There were six pioneering women behind the programming of the world’s first computer.
You may not have heard their names before, but back in 1946, Jean Jennings Bartik, Frances Elizabeth Holberton, Frances Bilas Spence, Marlyn Wescoff Meltzer, Kathleen McNulty Mauchly Antonelli, and Ruth Lichterman Teitelbaum became the first modern computer coders in history.
Originally, the six women had been hired by the military as ‘computers’ as part of the war effort. They spent their time calculating ballistics trajectories by hand, using complex mathematical equations to work out angles of fire based on target distance, weather conditions, and other factors. But in 1945, everything changed with the invention of a new machine.
The Electronic Numerical Integrator and Computer, or ENIAC as it was known, was designed to make this calculation process faster and more efficient — but the only trouble was that very few people knew how to program it. It fell, then, to Bartik, Holberton, Spence, Meltzer, Antonelli and Teitelbaum to master the machine, finding their way around the new tool using their knowledge and skill, rather than manuals and programming languages.
Post-war, this computing boom continued. Despite the fact that programming was largely still seen as clerical work, women continued to dominate the sector. In the intervening years between then and now, however, something changed. Women went from being at the forefront of shaping tech history to often little more than a footnote. These days, it’s estimated that women occupy just 25% of roles across the tech sector — a place where they had once dominated.
With March marking Women’s History Month and International Women’s Day globally, we looked to some of our own team here at Made Tech to reflect on their experiences of the sector, and think about how we can make tech a more inclusive space for women.
We need more women in leadership roles
For women, visibility at the top has always been a problem in every sector. In 2020, diversity report The Pipeline revealed that there were only five female CEOs in the FTSE 100 in the UK, which was a decrease from six the year before. In tech, only 23% of tech director roles are occupied by women.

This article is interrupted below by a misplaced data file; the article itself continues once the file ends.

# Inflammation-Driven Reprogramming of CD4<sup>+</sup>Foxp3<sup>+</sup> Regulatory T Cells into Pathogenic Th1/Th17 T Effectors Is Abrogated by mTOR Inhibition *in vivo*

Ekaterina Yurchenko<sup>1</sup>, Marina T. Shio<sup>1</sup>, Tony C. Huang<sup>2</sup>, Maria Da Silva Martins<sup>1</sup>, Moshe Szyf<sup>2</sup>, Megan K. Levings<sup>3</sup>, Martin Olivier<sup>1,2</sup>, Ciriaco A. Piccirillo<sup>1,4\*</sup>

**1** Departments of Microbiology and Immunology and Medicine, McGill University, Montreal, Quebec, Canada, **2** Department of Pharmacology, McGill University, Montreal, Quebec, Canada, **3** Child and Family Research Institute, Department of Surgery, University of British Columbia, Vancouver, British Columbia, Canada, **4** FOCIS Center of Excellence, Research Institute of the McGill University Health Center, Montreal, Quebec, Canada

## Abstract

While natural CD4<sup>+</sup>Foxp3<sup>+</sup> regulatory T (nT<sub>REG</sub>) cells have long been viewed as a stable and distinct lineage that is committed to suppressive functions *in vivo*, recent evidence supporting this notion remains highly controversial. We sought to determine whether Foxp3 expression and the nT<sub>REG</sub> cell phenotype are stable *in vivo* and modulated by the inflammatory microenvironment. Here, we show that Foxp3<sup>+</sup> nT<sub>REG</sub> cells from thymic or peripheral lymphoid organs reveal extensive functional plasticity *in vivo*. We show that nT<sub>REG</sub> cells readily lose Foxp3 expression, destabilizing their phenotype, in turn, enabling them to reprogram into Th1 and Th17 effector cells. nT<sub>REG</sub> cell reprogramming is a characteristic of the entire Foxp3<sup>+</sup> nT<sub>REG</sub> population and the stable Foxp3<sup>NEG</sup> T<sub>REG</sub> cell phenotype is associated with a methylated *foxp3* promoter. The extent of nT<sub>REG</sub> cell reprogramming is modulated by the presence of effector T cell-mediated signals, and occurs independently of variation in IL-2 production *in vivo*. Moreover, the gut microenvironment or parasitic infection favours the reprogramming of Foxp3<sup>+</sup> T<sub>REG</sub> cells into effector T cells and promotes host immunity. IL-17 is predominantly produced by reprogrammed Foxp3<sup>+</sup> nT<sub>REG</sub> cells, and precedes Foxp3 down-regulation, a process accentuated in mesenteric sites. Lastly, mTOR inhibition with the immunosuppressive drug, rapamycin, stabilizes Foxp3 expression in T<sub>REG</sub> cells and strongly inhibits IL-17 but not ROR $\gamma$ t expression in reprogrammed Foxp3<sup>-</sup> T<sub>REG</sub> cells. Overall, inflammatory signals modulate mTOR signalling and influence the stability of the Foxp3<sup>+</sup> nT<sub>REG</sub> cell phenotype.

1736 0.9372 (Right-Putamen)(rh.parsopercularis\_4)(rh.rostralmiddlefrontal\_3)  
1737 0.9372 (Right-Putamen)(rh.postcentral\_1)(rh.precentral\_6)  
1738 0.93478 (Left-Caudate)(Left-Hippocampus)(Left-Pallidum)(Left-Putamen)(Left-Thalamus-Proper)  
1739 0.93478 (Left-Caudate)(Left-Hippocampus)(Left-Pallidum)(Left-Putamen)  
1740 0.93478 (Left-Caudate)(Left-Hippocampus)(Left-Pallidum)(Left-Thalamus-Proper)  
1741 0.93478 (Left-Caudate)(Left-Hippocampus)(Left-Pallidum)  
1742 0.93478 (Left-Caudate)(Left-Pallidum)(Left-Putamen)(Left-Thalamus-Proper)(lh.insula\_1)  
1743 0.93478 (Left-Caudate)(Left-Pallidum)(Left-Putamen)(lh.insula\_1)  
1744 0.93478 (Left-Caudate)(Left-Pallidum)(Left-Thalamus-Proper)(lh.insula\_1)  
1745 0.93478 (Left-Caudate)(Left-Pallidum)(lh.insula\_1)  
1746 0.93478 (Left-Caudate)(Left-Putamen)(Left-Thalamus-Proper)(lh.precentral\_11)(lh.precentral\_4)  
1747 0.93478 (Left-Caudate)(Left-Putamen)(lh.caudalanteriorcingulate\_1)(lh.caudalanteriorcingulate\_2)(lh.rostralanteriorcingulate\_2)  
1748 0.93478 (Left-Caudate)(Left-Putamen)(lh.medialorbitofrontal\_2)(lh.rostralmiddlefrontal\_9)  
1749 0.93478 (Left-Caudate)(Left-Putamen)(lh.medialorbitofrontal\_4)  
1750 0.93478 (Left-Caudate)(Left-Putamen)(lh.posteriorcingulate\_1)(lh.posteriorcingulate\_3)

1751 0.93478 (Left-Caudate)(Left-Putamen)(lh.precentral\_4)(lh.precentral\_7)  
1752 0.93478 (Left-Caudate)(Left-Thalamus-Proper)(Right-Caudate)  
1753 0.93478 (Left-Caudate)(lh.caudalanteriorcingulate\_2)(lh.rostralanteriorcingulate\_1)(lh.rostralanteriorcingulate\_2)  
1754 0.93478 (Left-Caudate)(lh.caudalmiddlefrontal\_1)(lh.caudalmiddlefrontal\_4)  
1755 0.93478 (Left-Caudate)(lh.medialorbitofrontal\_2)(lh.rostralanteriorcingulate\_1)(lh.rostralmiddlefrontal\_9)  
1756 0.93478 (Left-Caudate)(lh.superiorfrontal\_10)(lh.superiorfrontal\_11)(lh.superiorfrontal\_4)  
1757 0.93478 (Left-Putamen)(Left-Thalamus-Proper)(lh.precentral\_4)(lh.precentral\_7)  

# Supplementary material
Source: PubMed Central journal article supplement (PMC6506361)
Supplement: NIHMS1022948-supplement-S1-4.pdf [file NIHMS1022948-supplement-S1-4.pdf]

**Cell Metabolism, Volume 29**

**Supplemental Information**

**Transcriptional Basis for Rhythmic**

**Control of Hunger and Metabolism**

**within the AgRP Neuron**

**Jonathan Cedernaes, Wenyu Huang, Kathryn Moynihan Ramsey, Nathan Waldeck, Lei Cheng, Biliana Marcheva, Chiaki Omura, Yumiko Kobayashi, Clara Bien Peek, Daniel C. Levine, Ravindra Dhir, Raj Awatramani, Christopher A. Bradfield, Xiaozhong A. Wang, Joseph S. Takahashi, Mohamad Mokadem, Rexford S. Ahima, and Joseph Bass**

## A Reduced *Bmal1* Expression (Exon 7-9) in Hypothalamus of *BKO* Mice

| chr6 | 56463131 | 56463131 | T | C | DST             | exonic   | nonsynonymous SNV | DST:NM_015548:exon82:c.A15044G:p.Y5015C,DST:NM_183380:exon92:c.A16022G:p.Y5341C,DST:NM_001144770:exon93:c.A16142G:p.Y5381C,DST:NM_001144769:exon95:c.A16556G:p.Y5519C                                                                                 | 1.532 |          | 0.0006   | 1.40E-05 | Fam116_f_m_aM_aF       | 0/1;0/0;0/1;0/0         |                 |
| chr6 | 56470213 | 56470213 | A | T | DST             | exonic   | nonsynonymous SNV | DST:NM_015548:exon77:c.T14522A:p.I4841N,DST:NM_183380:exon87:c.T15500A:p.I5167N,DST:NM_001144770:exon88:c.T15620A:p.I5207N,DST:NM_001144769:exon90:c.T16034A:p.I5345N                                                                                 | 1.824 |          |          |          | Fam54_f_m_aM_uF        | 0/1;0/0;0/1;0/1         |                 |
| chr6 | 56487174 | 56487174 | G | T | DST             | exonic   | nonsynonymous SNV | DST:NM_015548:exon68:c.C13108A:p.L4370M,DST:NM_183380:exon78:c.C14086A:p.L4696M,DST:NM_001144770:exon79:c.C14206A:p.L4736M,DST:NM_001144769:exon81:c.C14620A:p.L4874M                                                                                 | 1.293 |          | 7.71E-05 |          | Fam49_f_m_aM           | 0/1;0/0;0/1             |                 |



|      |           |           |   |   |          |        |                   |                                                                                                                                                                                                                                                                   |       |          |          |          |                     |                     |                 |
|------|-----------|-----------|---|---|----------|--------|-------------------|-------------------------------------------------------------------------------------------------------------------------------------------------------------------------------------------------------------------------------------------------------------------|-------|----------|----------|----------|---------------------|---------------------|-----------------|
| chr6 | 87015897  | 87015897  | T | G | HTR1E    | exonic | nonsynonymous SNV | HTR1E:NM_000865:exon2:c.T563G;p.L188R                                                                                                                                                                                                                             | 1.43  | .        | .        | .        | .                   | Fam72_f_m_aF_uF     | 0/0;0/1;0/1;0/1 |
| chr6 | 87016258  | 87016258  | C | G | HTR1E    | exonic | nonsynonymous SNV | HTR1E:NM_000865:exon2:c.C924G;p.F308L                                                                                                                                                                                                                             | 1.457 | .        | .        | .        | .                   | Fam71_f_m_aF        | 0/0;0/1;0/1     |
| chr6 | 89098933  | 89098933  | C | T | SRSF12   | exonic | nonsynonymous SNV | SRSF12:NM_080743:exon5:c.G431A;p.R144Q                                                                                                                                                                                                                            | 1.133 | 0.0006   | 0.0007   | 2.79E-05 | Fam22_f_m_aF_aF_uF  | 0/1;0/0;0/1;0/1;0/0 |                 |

Chloe, a Software Engineer based in our London team who joined after completing our Academy initiative, believes that this visibility at the top level is a key problem that is a barrier to making tech and other sectors a more inclusive environment for women.
“This industry is definitely a more male-dominated one — but coming into the industry right now, at a time when we’re striving for more gender parity, has meant that I’ve felt truly accepted and that I’ve been treated the same,” she notes.
“My experience at Made Tech has shown me what the experiences of a woman in tech can, and should, be. But I feel that there needs to be a significant change in the way we design leadership in companies. The higher up you go, the more white males we see, and I think that seeing more females in positions of power, like in the boardroom or in executive roles, will help cascade this change down and bring about cultural change.
“We often think that increasing the number of women in the sector comes from hiring more women at a graduate level, but I think this change needs to happen in both directions. I do think things are going in the right direction, but we’ve got a lot more work to do.”
We need to make tech more accessible for young women
In order to see more women in the boardroom, we need to help young women understand the possibilities of forging a career in tech much earlier on. A PwC report revealed that while around 60% of young men were actively considering a career in tech, only 27% of young women felt the same. Only 3% considered it their first choice.
For Freya, a Delivery Manager based in our South Wales team, it all comes down to education.
“When I was at school, we didn’t even have computer science or IT really,” she laughs. “Our lessons were more focused on helping us learn how to use computers, and we only had a couple of those in our school.”